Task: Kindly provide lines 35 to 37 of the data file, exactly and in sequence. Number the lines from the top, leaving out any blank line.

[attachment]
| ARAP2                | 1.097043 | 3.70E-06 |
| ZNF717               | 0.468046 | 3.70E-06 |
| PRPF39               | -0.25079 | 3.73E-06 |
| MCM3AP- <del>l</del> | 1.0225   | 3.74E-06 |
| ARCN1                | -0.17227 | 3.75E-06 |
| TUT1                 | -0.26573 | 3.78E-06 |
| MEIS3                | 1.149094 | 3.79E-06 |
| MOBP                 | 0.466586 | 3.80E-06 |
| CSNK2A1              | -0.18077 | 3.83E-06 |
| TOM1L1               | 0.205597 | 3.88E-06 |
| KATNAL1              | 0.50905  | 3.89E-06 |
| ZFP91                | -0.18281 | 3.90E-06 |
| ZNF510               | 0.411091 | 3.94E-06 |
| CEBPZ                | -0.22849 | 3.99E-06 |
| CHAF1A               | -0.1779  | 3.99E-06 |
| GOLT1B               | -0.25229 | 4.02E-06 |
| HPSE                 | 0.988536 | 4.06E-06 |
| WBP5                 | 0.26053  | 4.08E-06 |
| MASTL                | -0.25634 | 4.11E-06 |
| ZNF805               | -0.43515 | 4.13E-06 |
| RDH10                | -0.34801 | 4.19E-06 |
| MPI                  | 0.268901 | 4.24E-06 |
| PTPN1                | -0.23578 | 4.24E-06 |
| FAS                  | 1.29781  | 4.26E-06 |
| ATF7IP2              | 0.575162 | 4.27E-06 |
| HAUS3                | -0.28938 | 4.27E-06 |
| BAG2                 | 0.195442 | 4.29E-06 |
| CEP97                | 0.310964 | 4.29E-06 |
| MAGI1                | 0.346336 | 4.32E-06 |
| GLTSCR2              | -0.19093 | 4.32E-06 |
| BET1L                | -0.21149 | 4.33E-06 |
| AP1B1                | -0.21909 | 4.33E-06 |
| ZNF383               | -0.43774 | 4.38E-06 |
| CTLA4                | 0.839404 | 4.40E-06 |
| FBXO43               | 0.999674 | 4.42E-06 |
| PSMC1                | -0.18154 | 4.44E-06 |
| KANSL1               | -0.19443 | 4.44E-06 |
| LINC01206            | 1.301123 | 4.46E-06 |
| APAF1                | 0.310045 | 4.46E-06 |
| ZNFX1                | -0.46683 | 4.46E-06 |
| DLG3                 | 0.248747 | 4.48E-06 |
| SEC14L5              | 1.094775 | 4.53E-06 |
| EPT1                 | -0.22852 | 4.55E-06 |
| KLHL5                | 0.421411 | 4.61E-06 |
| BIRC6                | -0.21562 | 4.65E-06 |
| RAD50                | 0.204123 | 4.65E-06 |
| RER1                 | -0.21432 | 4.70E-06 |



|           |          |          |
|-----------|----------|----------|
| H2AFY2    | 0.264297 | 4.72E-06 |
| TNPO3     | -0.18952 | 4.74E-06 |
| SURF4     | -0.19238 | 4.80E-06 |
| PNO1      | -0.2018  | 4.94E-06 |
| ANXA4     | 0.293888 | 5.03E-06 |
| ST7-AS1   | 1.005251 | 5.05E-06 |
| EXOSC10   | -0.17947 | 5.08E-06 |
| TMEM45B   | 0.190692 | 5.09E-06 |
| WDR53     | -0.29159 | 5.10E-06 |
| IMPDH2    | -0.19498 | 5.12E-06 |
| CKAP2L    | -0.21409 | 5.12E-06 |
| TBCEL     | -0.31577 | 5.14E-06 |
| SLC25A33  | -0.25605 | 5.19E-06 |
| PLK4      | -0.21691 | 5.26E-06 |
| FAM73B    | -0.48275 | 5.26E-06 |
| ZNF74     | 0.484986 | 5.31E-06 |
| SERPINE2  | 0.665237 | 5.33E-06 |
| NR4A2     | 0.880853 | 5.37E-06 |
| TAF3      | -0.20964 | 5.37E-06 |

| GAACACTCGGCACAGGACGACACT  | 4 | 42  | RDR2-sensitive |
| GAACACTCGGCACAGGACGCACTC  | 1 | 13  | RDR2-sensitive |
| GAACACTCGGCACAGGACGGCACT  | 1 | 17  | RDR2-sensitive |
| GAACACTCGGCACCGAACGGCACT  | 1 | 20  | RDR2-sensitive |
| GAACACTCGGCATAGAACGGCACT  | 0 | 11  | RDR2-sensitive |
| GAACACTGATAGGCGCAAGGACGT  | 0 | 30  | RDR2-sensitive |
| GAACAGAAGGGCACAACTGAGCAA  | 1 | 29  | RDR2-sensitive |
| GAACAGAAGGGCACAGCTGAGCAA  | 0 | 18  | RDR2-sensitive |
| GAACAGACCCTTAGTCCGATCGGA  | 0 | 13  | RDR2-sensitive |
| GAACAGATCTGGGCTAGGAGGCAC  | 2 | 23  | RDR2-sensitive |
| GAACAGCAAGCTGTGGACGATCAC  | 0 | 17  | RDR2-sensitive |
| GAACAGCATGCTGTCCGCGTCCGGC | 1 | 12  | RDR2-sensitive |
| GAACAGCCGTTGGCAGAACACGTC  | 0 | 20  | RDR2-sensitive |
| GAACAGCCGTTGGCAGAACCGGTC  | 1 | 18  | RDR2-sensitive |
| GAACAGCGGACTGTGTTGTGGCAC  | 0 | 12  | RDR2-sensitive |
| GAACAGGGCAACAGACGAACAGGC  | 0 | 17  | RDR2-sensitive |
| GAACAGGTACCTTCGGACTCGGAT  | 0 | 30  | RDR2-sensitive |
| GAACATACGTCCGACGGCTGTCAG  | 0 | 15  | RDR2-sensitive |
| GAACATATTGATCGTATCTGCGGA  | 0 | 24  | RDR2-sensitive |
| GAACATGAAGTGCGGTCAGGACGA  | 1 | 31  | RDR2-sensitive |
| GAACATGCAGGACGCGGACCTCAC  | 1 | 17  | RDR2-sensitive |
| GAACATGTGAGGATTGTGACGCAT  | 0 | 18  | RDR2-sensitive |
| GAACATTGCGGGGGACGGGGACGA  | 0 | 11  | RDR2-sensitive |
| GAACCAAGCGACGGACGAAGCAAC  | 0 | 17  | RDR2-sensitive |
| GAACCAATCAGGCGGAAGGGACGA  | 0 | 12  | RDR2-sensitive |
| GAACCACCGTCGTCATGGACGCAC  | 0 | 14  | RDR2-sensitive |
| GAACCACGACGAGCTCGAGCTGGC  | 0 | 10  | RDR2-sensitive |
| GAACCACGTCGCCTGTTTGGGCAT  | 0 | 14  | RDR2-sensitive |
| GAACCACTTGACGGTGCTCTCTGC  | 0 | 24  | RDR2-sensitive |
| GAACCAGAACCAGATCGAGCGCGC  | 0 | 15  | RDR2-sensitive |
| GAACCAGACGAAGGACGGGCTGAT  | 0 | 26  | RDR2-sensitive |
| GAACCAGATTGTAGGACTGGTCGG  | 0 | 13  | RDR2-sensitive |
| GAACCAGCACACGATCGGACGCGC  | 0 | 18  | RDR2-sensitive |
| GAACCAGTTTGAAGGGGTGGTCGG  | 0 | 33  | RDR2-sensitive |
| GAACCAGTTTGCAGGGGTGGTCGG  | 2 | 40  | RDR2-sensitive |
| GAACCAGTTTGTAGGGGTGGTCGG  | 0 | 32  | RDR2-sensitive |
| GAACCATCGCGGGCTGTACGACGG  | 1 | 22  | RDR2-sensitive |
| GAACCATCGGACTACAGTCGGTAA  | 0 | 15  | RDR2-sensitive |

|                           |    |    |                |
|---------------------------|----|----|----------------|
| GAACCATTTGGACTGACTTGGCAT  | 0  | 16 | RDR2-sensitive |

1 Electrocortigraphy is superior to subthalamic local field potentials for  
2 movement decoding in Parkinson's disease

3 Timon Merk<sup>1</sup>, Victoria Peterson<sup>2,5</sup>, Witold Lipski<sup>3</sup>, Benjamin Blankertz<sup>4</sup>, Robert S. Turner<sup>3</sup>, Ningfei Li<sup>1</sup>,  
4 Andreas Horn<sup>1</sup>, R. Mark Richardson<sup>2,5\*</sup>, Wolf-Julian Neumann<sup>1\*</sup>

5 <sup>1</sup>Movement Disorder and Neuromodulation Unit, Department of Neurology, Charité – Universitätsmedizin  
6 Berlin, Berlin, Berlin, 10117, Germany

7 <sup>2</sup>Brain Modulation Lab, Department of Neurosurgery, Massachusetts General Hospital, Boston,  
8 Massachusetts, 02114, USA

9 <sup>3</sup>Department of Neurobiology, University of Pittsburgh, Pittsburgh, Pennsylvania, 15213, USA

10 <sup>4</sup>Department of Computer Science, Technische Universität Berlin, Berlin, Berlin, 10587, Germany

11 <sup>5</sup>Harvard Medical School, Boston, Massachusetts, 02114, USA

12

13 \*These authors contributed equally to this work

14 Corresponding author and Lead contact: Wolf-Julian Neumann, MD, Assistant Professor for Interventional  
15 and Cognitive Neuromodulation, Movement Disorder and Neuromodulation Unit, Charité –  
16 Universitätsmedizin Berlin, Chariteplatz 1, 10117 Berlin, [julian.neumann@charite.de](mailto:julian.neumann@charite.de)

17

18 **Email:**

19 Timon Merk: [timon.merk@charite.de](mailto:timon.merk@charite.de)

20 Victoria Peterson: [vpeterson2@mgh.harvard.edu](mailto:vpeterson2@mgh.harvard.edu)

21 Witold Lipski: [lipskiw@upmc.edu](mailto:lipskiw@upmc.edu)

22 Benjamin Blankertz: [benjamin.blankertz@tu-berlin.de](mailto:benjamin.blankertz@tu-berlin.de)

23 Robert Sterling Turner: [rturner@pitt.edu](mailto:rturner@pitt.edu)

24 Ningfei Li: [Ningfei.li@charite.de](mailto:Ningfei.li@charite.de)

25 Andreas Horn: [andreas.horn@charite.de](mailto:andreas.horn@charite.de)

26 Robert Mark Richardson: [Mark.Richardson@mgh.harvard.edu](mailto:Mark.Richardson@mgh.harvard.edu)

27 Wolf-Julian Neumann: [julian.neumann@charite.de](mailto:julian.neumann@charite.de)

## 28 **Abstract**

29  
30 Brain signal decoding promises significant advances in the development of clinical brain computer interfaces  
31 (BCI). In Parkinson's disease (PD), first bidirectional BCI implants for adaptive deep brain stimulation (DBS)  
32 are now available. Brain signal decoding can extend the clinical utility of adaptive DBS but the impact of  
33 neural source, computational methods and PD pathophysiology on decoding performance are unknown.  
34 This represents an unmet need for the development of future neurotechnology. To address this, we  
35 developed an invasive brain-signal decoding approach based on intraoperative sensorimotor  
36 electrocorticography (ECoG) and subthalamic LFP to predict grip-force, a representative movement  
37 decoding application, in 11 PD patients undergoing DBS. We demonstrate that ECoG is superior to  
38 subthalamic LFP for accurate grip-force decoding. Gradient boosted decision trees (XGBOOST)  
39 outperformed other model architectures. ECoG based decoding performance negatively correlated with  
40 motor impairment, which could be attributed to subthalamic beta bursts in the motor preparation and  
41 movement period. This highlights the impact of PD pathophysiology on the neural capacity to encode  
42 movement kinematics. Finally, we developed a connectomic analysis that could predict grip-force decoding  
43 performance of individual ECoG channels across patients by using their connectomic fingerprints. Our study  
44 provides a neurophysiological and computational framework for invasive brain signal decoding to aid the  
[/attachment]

| FBXO43               | 0.999674 | 4.42E-06 |
| PSMC1                | -0.18154 | 4.44E-06 |
| KANSL1               | -0.19443 | 4.44E-06 |